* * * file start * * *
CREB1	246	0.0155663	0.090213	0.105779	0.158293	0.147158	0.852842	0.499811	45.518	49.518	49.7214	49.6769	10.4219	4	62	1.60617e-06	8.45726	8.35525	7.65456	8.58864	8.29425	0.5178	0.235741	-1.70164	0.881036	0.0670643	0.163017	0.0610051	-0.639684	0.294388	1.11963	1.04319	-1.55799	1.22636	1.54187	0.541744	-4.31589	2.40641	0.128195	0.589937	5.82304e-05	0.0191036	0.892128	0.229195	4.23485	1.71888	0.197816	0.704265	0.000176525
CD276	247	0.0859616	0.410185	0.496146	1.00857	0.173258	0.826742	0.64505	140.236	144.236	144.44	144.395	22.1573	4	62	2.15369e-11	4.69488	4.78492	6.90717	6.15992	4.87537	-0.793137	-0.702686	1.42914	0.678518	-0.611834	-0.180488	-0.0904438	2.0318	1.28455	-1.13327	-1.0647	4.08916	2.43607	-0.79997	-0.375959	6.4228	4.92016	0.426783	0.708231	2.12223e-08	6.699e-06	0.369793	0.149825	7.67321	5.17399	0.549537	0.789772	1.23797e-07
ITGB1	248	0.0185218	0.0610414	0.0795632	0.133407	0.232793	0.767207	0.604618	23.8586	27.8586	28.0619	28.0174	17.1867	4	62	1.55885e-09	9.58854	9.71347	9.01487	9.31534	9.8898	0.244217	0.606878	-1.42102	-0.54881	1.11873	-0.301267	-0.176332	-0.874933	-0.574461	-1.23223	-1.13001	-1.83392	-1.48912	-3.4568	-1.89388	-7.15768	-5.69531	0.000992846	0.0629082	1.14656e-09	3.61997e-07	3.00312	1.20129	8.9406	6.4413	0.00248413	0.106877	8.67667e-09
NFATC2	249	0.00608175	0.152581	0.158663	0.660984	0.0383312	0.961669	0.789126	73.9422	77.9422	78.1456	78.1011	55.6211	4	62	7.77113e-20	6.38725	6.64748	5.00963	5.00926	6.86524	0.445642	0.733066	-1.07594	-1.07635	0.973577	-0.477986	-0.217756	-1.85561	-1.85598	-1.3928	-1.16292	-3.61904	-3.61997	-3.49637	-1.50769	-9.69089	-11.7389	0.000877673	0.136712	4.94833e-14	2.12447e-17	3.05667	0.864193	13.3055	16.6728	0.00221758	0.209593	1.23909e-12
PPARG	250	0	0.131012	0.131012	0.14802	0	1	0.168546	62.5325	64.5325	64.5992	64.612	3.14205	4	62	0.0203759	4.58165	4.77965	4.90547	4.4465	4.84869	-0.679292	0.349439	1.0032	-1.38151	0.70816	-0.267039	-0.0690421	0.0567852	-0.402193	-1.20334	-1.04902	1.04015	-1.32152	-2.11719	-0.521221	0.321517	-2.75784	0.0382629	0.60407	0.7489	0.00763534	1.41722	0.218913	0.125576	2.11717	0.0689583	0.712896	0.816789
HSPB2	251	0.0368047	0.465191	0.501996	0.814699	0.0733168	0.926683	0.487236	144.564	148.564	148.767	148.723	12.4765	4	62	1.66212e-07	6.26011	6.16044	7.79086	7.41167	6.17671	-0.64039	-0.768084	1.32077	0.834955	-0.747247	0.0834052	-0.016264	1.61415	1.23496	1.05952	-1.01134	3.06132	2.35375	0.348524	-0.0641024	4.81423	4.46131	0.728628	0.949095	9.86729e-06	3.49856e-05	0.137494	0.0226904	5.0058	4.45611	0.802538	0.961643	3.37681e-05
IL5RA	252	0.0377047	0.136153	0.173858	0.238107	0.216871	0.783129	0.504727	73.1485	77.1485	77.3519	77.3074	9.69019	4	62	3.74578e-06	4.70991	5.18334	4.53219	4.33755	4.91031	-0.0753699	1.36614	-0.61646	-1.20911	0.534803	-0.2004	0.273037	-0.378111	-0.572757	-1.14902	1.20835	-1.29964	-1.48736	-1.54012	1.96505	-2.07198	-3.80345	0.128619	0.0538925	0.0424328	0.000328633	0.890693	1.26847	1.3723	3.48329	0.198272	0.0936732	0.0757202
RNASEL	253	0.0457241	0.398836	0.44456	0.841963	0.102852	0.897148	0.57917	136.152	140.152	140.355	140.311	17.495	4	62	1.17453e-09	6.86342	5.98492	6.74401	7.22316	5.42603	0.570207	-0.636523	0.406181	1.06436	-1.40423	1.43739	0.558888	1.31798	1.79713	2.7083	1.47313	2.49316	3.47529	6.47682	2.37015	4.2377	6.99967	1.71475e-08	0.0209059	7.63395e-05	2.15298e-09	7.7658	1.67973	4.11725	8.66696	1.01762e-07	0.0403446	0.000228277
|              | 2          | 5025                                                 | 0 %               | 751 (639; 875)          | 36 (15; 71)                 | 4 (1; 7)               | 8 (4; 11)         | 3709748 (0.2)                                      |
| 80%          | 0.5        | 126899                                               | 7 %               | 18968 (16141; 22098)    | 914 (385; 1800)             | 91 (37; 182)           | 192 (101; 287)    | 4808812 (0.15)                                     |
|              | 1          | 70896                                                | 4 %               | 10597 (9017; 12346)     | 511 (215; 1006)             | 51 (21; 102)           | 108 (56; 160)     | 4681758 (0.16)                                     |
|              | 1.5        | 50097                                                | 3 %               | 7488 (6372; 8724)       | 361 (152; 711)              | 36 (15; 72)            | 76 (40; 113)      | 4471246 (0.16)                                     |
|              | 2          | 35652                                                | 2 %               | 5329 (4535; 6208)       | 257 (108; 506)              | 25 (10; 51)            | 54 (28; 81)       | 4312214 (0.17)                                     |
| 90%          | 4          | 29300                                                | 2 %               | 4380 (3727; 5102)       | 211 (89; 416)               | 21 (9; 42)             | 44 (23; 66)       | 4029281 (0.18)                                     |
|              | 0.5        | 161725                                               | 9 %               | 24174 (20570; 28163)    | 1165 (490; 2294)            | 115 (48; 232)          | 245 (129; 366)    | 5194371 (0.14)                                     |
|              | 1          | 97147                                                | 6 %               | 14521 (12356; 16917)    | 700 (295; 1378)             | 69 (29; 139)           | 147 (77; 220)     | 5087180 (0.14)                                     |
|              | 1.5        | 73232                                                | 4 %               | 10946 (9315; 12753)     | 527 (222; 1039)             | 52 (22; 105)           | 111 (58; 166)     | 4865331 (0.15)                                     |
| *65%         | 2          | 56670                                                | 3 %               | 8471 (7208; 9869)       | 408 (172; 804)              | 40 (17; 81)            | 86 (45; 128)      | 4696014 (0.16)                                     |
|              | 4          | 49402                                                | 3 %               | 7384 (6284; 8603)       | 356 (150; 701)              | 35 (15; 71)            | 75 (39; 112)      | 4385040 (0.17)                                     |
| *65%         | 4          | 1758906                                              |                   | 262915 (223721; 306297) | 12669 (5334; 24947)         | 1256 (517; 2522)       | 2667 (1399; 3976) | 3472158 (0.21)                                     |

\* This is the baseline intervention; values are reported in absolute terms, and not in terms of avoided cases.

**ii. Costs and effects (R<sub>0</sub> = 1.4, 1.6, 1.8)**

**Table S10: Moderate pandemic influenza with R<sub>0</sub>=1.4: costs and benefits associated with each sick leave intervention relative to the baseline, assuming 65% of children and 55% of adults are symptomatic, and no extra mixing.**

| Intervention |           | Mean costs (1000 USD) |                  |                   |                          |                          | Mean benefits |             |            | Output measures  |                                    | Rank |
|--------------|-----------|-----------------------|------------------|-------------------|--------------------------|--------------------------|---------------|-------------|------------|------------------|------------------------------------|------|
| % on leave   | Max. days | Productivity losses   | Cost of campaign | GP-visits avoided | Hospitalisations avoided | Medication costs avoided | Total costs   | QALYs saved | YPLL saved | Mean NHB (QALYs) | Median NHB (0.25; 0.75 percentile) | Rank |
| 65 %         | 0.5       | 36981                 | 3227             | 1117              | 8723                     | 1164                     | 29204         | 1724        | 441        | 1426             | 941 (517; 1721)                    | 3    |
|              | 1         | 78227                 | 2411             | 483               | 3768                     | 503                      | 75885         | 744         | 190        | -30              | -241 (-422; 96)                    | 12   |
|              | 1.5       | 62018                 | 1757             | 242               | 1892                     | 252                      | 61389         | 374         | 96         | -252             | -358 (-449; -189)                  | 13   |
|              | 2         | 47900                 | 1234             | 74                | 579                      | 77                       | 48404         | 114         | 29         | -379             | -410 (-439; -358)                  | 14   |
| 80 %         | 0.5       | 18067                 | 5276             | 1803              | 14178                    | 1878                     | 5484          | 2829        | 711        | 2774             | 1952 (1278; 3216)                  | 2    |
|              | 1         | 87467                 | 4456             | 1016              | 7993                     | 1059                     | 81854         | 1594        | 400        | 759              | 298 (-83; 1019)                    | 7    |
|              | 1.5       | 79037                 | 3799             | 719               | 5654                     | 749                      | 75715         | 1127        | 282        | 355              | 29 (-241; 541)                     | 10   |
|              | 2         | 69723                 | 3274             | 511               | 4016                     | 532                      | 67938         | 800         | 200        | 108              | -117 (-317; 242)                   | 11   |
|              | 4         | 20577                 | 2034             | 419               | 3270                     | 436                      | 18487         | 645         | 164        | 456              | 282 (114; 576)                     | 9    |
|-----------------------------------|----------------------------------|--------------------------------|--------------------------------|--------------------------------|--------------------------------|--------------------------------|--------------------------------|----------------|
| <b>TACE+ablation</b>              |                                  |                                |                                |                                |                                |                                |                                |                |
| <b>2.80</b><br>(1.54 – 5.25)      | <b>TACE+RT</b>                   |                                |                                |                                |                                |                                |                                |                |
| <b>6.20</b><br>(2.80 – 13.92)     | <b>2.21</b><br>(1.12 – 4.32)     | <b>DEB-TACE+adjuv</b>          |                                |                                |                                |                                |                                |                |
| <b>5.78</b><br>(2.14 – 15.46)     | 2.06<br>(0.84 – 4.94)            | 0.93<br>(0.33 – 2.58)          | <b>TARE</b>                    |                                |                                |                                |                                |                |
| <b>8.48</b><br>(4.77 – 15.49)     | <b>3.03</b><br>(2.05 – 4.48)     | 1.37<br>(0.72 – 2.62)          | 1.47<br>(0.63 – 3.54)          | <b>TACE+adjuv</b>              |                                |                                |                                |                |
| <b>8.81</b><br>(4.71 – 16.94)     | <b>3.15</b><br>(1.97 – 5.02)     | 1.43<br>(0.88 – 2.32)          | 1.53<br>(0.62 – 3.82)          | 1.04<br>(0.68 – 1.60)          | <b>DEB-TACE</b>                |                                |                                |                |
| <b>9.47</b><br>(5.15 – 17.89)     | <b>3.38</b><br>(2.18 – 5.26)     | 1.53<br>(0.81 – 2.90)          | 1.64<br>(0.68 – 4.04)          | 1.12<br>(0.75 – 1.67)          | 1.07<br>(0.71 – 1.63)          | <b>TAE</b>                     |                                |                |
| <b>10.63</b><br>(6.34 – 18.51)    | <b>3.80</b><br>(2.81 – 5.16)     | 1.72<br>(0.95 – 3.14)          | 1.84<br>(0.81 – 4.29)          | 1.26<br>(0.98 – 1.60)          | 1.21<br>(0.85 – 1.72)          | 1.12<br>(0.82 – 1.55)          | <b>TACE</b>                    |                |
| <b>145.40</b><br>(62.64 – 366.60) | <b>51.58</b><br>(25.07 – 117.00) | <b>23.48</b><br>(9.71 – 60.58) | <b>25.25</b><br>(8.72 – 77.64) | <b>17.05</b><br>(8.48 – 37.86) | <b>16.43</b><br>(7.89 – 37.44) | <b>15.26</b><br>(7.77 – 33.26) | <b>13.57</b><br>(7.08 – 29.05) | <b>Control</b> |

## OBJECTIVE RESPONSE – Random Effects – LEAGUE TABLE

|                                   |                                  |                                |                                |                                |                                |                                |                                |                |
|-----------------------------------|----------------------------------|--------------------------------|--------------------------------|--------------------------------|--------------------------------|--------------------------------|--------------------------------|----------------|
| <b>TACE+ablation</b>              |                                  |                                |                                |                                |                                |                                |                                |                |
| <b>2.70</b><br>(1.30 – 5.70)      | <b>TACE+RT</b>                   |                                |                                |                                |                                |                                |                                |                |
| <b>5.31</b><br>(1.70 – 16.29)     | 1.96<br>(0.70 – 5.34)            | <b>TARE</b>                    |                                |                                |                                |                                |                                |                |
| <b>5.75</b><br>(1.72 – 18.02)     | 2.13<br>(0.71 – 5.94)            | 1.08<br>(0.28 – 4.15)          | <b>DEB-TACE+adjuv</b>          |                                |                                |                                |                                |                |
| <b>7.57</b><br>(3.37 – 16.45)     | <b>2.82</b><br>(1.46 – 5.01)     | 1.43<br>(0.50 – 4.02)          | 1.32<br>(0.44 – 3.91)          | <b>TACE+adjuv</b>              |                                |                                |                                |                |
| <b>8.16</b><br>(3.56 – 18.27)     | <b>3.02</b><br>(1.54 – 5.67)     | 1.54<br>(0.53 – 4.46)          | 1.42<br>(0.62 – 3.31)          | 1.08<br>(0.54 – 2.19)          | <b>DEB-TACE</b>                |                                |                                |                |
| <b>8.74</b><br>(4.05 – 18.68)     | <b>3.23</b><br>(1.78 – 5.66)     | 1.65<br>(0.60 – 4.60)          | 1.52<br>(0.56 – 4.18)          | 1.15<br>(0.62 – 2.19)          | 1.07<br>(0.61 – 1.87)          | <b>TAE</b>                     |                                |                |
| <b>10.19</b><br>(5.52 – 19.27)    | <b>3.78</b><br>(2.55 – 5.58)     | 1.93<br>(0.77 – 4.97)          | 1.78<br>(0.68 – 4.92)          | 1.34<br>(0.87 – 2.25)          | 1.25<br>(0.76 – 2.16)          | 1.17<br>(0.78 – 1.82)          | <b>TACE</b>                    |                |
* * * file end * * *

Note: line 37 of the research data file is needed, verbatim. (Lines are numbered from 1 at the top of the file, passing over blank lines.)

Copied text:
| <b>TACE+ablation</b>              |                                  |                                |                                |                                |                                |                                |                                |                |